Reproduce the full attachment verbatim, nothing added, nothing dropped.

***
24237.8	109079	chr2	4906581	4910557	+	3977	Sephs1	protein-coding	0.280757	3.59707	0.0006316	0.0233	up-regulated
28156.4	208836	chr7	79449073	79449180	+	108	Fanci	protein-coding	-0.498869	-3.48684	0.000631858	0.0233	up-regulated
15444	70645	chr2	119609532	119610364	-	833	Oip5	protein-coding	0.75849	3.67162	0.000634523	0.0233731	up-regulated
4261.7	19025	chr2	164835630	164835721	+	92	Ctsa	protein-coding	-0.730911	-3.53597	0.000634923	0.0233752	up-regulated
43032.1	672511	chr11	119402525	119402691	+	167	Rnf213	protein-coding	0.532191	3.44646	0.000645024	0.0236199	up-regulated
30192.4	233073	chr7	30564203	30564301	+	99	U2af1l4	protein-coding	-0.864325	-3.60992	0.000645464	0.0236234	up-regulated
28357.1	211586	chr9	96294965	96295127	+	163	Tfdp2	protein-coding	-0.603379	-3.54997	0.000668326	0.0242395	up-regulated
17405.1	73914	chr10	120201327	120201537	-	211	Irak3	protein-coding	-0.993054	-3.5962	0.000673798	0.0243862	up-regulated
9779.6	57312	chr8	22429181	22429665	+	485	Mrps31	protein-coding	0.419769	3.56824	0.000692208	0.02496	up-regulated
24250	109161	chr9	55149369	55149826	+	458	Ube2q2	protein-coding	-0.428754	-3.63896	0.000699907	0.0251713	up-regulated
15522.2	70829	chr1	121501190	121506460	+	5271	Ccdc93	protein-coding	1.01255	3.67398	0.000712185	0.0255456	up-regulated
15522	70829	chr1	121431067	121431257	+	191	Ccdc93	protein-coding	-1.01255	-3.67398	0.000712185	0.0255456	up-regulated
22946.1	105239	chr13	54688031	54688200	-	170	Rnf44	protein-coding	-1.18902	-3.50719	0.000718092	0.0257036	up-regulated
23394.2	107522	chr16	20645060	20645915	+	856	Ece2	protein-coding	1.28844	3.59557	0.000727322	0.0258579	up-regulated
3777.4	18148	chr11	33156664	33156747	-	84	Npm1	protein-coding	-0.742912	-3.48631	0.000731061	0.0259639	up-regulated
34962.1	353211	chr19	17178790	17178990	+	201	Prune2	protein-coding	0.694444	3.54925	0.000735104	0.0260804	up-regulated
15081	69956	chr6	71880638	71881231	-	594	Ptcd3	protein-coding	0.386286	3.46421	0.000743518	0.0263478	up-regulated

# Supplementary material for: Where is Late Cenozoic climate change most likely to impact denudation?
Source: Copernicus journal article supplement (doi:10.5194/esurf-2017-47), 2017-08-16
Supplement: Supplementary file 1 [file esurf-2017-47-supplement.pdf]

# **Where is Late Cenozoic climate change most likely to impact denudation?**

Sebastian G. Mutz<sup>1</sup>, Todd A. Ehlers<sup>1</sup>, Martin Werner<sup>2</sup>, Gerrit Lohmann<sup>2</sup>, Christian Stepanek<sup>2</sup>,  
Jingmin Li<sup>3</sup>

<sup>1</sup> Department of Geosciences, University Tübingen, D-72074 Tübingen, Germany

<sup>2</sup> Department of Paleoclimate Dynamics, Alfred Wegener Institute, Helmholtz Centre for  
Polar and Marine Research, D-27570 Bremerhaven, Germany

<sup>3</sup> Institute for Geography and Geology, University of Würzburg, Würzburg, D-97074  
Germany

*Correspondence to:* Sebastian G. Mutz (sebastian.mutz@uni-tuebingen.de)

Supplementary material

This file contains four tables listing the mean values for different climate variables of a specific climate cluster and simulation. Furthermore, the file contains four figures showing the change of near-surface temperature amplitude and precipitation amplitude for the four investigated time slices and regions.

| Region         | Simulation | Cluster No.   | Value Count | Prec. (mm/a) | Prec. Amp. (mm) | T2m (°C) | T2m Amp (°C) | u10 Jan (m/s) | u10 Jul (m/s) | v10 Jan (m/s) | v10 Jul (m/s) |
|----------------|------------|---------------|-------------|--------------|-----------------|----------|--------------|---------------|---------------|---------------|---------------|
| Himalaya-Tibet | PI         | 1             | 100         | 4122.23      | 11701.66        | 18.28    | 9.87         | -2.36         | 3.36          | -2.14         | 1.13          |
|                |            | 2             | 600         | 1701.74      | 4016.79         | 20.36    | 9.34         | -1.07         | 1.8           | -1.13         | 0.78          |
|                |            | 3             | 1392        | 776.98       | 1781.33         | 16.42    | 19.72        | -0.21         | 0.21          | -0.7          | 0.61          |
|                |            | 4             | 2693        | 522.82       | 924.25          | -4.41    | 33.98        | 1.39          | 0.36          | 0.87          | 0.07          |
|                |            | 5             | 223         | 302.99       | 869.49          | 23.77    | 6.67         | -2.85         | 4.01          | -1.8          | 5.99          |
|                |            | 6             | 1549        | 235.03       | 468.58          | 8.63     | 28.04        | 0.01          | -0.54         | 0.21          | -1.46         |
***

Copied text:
24237.8	109079	chr2	4906581	4910557	+	3977	Sephs1	protein-coding	0.280757	3.59707	0.0006316	0.0233	up-regulated
28156.4	208836	chr7	79449073	79449180	+	108	Fanci	protein-coding	-0.498869	-3.48684	0.000631858	0.0233	up-regulated
15444	70645	chr2	119609532	119610364	-	833	Oip5	protein-coding	0.75849	3.67162	0.000634523	0.0233731	up-regulated
4261.7	19025	chr2	164835630	164835721	+	92	Ctsa	protein-coding	-0.730911	-3.53597	0.000634923	0.0233752	up-regulated
43032.1	672511	chr11	119402525	119402691	+	167	Rnf213	protein-coding	0.532191	3.44646	0.000645024	0.0236199	up-regulated
30192.4	233073	chr7	30564203	30564301	+	99	U2af1l4	protein-coding	-0.864325	-3.60992	0.000645464	0.0236234	up-regulated
28357.1	211586	chr9	96294965	96295127	+	163	Tfdp2	protein-coding	-0.603379	-3.54997	0.000668326	0.0242395	up-regulated
17405.1	73914	chr10	120201327	120201537	-	211	Irak3	protein-coding	-0.993054	-3.5962	0.000673798	0.0243862	up-regulated
9779.6	57312	chr8	22429181	22429665	+	485	Mrps31	protein-coding	0.419769	3.56824	0.000692208	0.02496	up-regulated
24250	109161	chr9	55149369	55149826	+	458	Ube2q2	protein-coding	-0.428754	-3.63896	0.000699907	0.0251713	up-regulated
15522.2	70829	chr1	121501190	121506460	+	5271	Ccdc93	protein-coding	1.01255	3.67398	0.000712185	0.0255456	up-regulated
15522	70829	chr1	121431067	121431257	+	191	Ccdc93	protein-coding	-1.01255	-3.67398	0.000712185	0.0255456	up-regulated
22946.1	105239	chr13	54688031	54688200	-	170	Rnf44	protein-coding	-1.18902	-3.50719	0.000718092	0.0257036	up-regulated
23394.2	107522	chr16	20645060	20645915	+	856	Ece2	protein-coding	1.28844	3.59557	0.000727322	0.0258579	up-regulated
3777.4	18148	chr11	33156664	33156747	-	84	Npm1	protein-coding	-0.742912	-3.48631	0.000731061	0.0259639	up-regulated
34962.1	353211	chr19	17178790	17178990	+	201	Prune2	protein-coding	0.694444	3.54925	0.000735104	0.0260804	up-regulated
15081	69956	chr6	71880638	71881231	-	594	Ptcd3	protein-coding	0.386286	3.46421	0.000743518	0.0263478	up-regulated

# Supplementary material for: Where is Late Cenozoic climate change most likely to impact denudation?
Source: Copernicus journal article supplement (doi:10.5194/esurf-2017-47), 2017-08-16
Supplement: Supplementary file 1 [file esurf-2017-47-supplement.pdf]

# **Where is Late Cenozoic climate change most likely to impact denudation?**

Sebastian G. Mutz<sup>1</sup>, Todd A. Ehlers<sup>1</sup>, Martin Werner<sup>2</sup>, Gerrit Lohmann<sup>2</sup>, Christian Stepanek<sup>2</sup>,  
Jingmin Li<sup>3</sup>

<sup>1</sup> Department of Geosciences, University Tübingen, D-72074 Tübingen, Germany

<sup>2</sup> Department of Paleoclimate Dynamics, Alfred Wegener Institute, Helmholtz Centre for  
Polar and Marine Research, D-27570 Bremerhaven, Germany

<sup>3</sup> Institute for Geography and Geology, University of Würzburg, Würzburg, D-97074  
Germany

*Correspondence to:* Sebastian G. Mutz (sebastian.mutz@uni-tuebingen.de)

Supplementary material

This file contains four tables listing the mean values for different climate variables of a specific climate cluster and simulation. Furthermore, the file contains four figures showing the change of near-surface temperature amplitude and precipitation amplitude for the four investigated time slices and regions.

| Region         | Simulation | Cluster No.   | Value Count | Prec. (mm/a) | Prec. Amp. (mm) | T2m (°C) | T2m Amp (°C) | u10 Jan (m/s) | u10 Jul (m/s) | v10 Jan (m/s) | v10 Jul (m/s) |
|----------------|------------|---------------|-------------|--------------|-----------------|----------|--------------|---------------|---------------|---------------|---------------|
| Himalaya-Tibet | PI         | 1             | 100         | 4122.23      | 11701.66        | 18.28    | 9.87         | -2.36         | 3.36          | -2.14         | 1.13          |
|                |            | 2             | 600         | 1701.74      | 4016.79         | 20.36    | 9.34         | -1.07         | 1.8           | -1.13         | 0.78          |
|                |            | 3             | 1392        | 776.98       | 1781.33         | 16.42    | 19.72        | -0.21         | 0.21          | -0.7          | 0.61          |
|                |            | 4             | 2693        | 522.82       | 924.25          | -4.41    | 33.98        | 1.39          | 0.36          | 0.87          | 0.07          |
|                |            | 5             | 223         | 302.99       | 869.49          | 23.77    | 6.67         | -2.85         | 4.01          | -1.8          | 5.99          |
|                |            | 6             | 1549        | 235.03       | 468.58          | 8.63     | 28.04        | 0.01          | -0.54         | 0.21          | -1.46         |